The production of coca continues to explode in different countries because the War on Drugs pushes it from one area to the next, benefiting the black market, with little gain for the actual economic market of Latin America. In Columbia, the industry has been vertically integrated by the cocaine mafias who have obtained entire control over all the stages of production and no longer import any raw materials (NACLA report on the americas, 1997). Therefore, Columbia has had a massive explosion in coca production, replacing Bolivia, and taking second rank in the largest producer, falling just short behind Peru (NACLA report on the americas, 1997). Therefore, the War on Drugs is not benefiting the economy throughout Latin America, and there is no real gain except by means of corruption.

The profit paradox, the more effective control efforts are made in the short-run, the greater there will be incentives for an increase in production in the long-run, is being ignored by the United States War on Drugs (NACLA report on the americas, 1997). The coca supplies decrease every time they spray or burn down coca farms and plantations and therefore, there is more of an incentive for more poor farmers and civilians throughout Latin America to enter the illegal market (NACLA report on the americas, 1997). This leaves the actual market of Latin America in a worse state. If everyone continues to contribute to the illegal market because they have no other means and because there are such great incentives within the illegal market, it leaves little opportunity for there to be any contributions made to the market of Latin America.


*This video further demonstrates how the War on Drugs has affected the economy and Latin American civilians.















Most affected areas of the war on drugs (done by Regan):
Columbia and Peru are the two areas that have been most affected by the War on Drugs (Carpenter, 2003). Mexico, Bolivia, Ecuador and Panama have also been largely affected, but to a lesser extent (Carpenter, 2003). With the increasing support for the Maoist Shining Path from the 1980s to the mid 1990s in Peru and the political chaos in Columbia, devastating problems have risen (Carpenter, 2003).

Columbia has struggled largely due to the Columbian government agreeing with the U.S.’ stance on extradition issues (taking the accused drug traffickers to trial in the United States) creating massive violent outbreaks (Carpenter, 2003). Up until the mid-1990s, thousands of innocent Columbians were killed because of the fighting that occurred between the drug lord128.ashx.jpegs, the government and the military forces (Carpenter, 2003). Bombing started to happen daily. In 1990, the new president made a deal with the drug traffickers that if they turned themselves in they would not be sent to the United States for trial (Carpenter, 2003). Instead, drug traffickers would remain in Columbia for trial. The violence finally settled down during the 1990s once the Medellin and Cali cartels had been defeated (Carpenter, 2003). However, soon enough the violence escalated again and continues today (Carpenter, 2003). Violence is not the only harmful factor affectingColumbia. In the government's attempt to banish all the drug crops, the Columbian jungles receive thousands of gallons of Roundup sprayed onto the fragile environment (Drug Policy Alliance Network, 2010). This led to the clearing out of over 1.75 million acres of the Amazon rainforest (Drug Policy Alliance Network, 2010). Experts believe that this drug war deforestation could lead Columbia into becoming another Ethiopia or Somalia within 50 years because the people will be populating faster than the soils will be able to produce food (Drug Policy Alliance Network, 2010). Furthermore, due to the United States' attempt to banish the drug crops through extradition, Columbia has been affected as the drug crops have been moved from Peru and Bolivia and are now located in Columbia. Therefore, Columbia coca cultivation has doubled (Corchado, 2009).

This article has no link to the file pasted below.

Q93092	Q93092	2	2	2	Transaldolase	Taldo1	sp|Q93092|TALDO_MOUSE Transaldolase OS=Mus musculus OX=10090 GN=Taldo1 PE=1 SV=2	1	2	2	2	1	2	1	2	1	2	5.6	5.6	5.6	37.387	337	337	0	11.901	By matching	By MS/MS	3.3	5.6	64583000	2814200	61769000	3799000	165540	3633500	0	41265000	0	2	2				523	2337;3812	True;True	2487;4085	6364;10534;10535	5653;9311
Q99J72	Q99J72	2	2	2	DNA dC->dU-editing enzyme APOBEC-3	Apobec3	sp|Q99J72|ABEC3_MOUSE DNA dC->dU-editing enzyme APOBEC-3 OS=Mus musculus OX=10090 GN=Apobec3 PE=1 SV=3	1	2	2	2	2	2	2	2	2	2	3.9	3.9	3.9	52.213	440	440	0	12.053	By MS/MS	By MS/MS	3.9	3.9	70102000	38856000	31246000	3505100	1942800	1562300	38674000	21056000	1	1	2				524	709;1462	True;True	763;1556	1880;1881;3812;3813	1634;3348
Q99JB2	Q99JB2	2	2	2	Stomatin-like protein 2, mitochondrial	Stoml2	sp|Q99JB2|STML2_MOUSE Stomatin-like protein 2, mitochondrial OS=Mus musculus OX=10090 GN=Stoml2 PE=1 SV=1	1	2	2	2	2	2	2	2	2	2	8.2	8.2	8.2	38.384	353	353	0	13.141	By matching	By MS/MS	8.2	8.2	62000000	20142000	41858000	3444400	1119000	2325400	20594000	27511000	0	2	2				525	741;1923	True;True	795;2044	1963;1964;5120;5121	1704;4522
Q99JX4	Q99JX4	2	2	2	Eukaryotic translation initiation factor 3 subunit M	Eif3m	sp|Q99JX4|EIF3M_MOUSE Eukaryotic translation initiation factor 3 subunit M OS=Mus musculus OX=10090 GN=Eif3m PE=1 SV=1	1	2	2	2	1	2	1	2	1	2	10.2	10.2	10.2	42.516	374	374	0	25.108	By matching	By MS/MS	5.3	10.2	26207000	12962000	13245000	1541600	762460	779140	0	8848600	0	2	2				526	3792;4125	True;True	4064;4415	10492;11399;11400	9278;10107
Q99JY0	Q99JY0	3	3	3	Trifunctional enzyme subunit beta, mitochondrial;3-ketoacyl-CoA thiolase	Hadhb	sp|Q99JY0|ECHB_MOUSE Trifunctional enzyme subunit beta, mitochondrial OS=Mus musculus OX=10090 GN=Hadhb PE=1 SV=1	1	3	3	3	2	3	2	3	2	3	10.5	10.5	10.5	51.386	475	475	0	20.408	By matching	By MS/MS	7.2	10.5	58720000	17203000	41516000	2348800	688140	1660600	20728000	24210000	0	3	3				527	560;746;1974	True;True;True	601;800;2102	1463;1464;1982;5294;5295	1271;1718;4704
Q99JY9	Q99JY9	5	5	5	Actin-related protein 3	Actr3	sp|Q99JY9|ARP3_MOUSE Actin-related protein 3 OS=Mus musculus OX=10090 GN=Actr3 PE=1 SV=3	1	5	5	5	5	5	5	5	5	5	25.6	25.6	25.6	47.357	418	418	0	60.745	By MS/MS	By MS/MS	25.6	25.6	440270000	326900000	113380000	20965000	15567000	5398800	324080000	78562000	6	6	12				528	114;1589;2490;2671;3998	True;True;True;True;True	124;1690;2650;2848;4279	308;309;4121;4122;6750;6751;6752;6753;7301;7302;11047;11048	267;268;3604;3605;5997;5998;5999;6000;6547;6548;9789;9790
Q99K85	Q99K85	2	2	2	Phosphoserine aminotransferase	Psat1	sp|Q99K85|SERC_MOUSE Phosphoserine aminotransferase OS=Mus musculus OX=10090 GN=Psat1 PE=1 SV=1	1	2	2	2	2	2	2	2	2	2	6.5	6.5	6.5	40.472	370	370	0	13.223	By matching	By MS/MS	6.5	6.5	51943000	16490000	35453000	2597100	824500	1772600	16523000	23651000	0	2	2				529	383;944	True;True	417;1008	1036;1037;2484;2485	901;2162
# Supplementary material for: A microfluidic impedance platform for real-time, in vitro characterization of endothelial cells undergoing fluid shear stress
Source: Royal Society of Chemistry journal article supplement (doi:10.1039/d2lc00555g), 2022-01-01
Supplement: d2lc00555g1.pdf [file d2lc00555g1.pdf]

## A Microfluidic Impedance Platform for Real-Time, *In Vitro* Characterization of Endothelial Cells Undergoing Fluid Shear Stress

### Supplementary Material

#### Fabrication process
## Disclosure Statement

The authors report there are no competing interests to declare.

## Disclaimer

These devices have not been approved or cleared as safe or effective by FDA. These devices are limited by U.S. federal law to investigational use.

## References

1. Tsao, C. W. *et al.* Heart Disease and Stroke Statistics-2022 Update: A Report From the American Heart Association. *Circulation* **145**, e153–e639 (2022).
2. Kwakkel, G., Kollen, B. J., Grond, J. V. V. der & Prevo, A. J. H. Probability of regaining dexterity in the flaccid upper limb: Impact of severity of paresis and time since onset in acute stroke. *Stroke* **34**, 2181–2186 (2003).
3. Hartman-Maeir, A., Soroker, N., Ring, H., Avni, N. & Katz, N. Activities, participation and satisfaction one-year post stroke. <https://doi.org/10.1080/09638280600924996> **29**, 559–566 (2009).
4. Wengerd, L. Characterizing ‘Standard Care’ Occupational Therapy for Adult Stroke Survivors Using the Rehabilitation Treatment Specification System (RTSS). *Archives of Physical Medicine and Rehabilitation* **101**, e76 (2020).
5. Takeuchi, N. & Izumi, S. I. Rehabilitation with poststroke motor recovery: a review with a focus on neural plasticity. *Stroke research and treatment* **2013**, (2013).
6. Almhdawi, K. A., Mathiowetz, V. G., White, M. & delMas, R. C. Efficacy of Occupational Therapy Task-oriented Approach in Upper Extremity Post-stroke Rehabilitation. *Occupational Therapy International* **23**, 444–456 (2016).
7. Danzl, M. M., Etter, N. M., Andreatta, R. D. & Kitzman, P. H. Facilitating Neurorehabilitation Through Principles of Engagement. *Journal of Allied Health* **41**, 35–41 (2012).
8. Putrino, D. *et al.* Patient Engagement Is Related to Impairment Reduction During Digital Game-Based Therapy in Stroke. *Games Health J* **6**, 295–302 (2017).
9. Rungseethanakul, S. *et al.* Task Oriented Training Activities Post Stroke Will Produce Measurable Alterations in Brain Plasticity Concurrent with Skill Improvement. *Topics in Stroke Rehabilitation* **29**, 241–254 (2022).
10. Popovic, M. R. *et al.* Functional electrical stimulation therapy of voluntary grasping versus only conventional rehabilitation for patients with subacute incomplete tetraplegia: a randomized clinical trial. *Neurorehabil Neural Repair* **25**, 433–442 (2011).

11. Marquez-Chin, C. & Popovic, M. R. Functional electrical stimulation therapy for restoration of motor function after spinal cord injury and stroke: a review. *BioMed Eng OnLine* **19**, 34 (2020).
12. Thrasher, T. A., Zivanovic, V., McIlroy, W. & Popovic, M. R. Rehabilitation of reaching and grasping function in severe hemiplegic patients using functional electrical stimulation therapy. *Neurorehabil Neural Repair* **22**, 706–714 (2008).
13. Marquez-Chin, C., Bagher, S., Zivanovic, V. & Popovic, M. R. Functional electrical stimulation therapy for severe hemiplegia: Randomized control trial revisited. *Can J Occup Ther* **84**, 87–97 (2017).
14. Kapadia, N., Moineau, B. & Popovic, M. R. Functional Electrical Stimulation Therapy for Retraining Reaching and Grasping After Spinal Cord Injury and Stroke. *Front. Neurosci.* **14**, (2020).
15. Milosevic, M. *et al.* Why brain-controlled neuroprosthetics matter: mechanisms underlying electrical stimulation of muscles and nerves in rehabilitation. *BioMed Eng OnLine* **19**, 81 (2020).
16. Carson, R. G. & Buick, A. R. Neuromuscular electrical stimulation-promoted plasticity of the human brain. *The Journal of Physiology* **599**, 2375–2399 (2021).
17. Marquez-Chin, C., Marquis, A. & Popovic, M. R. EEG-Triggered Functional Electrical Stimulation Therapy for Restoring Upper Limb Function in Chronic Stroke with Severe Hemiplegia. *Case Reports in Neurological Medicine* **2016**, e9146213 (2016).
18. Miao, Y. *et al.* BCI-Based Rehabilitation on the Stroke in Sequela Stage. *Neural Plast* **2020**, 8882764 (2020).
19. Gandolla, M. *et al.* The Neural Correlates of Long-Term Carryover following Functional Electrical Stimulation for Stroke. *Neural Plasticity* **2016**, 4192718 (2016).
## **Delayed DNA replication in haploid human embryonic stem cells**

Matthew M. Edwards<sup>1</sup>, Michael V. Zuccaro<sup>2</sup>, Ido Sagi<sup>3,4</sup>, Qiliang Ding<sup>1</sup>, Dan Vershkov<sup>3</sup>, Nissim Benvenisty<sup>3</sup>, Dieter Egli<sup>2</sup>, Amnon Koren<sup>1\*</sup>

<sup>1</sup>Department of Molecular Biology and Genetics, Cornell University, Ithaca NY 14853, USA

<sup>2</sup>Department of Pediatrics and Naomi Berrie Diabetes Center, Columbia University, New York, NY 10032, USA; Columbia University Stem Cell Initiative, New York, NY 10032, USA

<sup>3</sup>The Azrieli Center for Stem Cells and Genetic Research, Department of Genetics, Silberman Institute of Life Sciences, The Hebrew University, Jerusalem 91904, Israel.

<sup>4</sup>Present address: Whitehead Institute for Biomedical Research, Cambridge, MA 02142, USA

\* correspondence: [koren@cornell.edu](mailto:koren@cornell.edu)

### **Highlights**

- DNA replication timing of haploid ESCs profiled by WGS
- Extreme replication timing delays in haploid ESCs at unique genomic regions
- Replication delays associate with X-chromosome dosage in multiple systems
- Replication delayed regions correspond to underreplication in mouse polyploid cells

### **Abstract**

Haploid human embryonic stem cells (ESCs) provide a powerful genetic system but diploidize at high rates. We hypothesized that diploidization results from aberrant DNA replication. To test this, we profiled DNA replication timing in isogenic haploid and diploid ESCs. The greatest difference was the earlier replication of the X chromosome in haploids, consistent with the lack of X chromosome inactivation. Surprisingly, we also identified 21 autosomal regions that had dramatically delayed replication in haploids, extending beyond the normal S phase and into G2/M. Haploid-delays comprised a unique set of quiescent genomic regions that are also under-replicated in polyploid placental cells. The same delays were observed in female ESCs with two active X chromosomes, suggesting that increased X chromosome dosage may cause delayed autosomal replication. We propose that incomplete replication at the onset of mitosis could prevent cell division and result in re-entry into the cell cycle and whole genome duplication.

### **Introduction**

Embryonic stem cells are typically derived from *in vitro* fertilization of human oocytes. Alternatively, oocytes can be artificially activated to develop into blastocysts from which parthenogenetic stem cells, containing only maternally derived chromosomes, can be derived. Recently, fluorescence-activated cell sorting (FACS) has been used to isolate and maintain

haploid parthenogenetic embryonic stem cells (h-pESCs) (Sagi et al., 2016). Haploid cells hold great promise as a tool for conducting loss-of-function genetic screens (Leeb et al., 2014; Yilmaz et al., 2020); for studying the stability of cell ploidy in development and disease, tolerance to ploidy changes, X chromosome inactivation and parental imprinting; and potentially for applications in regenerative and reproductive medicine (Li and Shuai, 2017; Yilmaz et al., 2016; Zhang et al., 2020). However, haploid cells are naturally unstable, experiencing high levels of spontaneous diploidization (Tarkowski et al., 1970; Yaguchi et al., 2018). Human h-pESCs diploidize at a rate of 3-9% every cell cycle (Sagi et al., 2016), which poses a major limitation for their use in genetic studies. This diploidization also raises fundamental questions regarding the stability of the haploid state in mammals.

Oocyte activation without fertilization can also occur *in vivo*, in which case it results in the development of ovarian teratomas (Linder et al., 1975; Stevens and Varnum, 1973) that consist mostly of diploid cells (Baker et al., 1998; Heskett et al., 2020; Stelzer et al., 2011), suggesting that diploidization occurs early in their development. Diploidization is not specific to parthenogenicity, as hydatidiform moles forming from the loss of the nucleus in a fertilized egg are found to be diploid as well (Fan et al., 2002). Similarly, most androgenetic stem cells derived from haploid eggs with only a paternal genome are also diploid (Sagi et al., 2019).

In Peru it is estimated that forty to fifty percent of Peruvian families are participating in the coca leaf production and distribution (Singer, 2008). With this heavy involvement in the participation of drugs in Peru, the U.S. has strived to climate these crops and therefore an increase of violence continues to occur (Singer, 2008). The U.S. has encouraged the country’s military forces to partake in the antidrug efforts. However, large problems have arisen within their own country due to this request by U.S. officials because it has allowed forces within Peru, who already hold authority over all the important resources, to obtain more power and control. These forces decrease the opportunity for democracy and promotion of human rights (Singer, 2008; Thoumi, 2003). Also, the country’s military wishes to perform other military activities such as fighting insurrections or foreign enemies, rather tha
n just focusing on the War on Drugs which creates a problem because goals may never be met if they are continuously picked up and dropped due to lack of interest and determination (Thoumi, 2003). Furthermore, the police do not value those fighting the anti drug efforts because they feel these forces are taking over their job, resulting in huge tensions and violent outbreaks between government agencies and among their own people (Thoumi, 2003).

Mexico has the most dramatic social crises in Latin America due to the prohibitionist policies (Drug Policy Alliance Network, 2010) Because of the War on Drugs, the most violent city in Mexico is Ciudad Juarez which has had more than 16 000 people killed within the city limits, due to conflicts over who will control the drug routes (Corchado, 2009).